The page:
Typically, ticks are small, and as they attach to your dog and fill up with blood, the engorged dog tick becomes larger and significantly more visible.

So, keep a close eye on any bumps on your pet’s skin.

Pro tip: Pay extra attention to ticks on dogs found near the ears, the groin area, and the legs.

Irritated skin

Flea bites can cause your pet to scratch uncontrollably, but tick bites often go unnoticed.

Nevertheless, some dogs’ skin may get inflamed around the site of the tick attachment — so pay attention to skin irritations.

How to Remove a Tick from a Dog

If you see a tick on your pet and you don’t take quick action, the parasite can be a threat to your dog’s health.

However, it’s not essential just to take care of the tick quickly — you also need to remove it properly.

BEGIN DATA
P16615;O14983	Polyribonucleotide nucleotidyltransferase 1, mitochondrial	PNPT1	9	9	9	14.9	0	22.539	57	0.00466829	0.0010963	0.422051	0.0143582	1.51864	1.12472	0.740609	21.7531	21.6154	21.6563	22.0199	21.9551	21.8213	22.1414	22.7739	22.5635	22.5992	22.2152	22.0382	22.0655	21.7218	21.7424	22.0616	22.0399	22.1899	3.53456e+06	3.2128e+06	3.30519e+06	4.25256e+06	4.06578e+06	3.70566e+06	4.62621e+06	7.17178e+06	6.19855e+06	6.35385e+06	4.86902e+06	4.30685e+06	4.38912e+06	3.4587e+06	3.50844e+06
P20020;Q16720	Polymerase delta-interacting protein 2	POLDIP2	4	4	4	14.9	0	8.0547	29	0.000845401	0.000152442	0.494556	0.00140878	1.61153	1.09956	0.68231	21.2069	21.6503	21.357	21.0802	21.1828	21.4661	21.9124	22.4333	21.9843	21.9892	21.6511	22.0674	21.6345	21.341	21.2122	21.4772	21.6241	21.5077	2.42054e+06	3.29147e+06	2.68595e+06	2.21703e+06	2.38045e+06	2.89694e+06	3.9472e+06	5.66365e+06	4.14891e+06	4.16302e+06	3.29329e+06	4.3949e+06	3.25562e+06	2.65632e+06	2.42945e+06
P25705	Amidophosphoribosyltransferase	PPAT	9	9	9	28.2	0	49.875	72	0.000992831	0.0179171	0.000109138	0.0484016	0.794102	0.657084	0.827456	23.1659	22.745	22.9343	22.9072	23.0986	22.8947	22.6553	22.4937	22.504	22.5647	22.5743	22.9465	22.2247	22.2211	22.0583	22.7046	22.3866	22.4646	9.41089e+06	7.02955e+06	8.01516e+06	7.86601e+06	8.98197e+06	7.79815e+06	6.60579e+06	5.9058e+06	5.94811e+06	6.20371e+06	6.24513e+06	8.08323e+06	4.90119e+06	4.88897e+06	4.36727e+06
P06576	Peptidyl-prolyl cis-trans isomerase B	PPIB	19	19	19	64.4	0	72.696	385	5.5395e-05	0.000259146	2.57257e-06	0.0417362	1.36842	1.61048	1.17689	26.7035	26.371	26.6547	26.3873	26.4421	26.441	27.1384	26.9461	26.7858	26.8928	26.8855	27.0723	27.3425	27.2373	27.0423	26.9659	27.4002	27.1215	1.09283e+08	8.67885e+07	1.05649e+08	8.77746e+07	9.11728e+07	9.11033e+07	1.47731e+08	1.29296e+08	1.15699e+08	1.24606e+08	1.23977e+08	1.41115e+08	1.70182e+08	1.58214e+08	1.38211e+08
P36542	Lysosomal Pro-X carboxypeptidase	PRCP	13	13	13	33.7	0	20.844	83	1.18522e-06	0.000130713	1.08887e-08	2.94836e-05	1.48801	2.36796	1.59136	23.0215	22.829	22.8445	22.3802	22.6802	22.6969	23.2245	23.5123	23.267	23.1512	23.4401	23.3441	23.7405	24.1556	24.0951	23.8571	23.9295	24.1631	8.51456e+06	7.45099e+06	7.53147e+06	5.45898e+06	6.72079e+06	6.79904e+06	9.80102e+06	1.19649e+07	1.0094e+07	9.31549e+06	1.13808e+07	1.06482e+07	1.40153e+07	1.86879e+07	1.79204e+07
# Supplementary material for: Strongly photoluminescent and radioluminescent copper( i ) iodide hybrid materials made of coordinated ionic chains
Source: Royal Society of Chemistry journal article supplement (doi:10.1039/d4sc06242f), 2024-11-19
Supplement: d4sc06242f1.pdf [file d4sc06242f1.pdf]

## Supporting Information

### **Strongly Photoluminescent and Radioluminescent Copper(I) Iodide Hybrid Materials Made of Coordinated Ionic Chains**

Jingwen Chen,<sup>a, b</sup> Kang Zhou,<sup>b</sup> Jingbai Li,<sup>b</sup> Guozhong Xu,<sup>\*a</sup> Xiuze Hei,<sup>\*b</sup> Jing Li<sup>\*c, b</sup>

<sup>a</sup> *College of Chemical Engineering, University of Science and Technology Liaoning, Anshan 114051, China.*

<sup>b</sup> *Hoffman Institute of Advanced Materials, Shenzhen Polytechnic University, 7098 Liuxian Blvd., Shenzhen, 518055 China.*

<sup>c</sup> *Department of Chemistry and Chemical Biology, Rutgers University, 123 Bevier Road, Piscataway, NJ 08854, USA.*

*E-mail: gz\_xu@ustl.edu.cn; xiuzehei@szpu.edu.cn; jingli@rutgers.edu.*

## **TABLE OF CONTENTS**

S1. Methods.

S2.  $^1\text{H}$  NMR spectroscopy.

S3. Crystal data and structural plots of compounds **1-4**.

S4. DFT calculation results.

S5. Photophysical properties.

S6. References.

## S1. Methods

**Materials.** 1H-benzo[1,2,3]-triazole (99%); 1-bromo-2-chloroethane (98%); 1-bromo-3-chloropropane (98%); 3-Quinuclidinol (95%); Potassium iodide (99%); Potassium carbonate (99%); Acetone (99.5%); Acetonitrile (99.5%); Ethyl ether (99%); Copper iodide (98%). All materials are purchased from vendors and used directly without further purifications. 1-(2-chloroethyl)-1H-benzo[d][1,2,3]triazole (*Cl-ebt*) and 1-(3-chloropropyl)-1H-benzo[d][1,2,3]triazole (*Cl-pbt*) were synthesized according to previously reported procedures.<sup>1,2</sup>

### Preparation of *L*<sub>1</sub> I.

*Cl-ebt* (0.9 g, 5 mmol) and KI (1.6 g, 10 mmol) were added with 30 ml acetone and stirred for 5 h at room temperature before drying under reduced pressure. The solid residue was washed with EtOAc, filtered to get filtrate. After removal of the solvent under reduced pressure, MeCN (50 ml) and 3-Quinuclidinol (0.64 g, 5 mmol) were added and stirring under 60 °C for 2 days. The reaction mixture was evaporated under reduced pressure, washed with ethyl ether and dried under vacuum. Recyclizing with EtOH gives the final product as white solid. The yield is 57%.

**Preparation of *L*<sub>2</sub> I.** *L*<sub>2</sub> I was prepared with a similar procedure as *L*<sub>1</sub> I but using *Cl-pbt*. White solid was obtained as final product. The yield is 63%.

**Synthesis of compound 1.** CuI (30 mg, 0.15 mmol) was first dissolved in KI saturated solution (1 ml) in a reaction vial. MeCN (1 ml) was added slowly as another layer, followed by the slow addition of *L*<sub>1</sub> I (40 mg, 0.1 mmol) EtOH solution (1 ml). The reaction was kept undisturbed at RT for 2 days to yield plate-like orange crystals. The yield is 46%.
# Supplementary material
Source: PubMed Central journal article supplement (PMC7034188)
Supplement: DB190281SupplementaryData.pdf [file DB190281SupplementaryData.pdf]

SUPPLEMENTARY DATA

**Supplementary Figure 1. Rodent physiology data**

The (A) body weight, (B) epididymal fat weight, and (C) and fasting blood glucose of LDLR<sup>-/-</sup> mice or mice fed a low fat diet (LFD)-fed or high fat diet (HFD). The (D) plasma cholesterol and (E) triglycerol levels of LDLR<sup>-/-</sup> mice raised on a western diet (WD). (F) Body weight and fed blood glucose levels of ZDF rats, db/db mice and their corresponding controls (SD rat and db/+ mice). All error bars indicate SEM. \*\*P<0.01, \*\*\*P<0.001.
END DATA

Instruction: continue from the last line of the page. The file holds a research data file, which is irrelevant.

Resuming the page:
So, how to get rid of ticks on dogs? Here are a few ways you can do this yourself.

How to get a Tick off a Dog with Tweezers

Firstly, make sure to use fine-point tweezers instead of regular household tweezers. This way, you’ll get a firmer grasp on the tick and avoid tearing the parasite.

Next, spread the pet’s fur so you can see the tick clearly, and carefully grab it with the tweezers as close to the dog’s skin as you can.

Slowly, pull the tick straight upward, making sure that the tick’s head is completely removed from the skin.

Suppose you find an embedded tick on your dog, and part of its body is under the skin. In that case, we recommend consulting your vet as pulling it out may result in part of the body being left inside.

How to Remove Tick from Dog with a Removal Tool

An even more straightforward way to remove a parasite from your dog’s skin is to utilize a unique tool called a tick removal hook.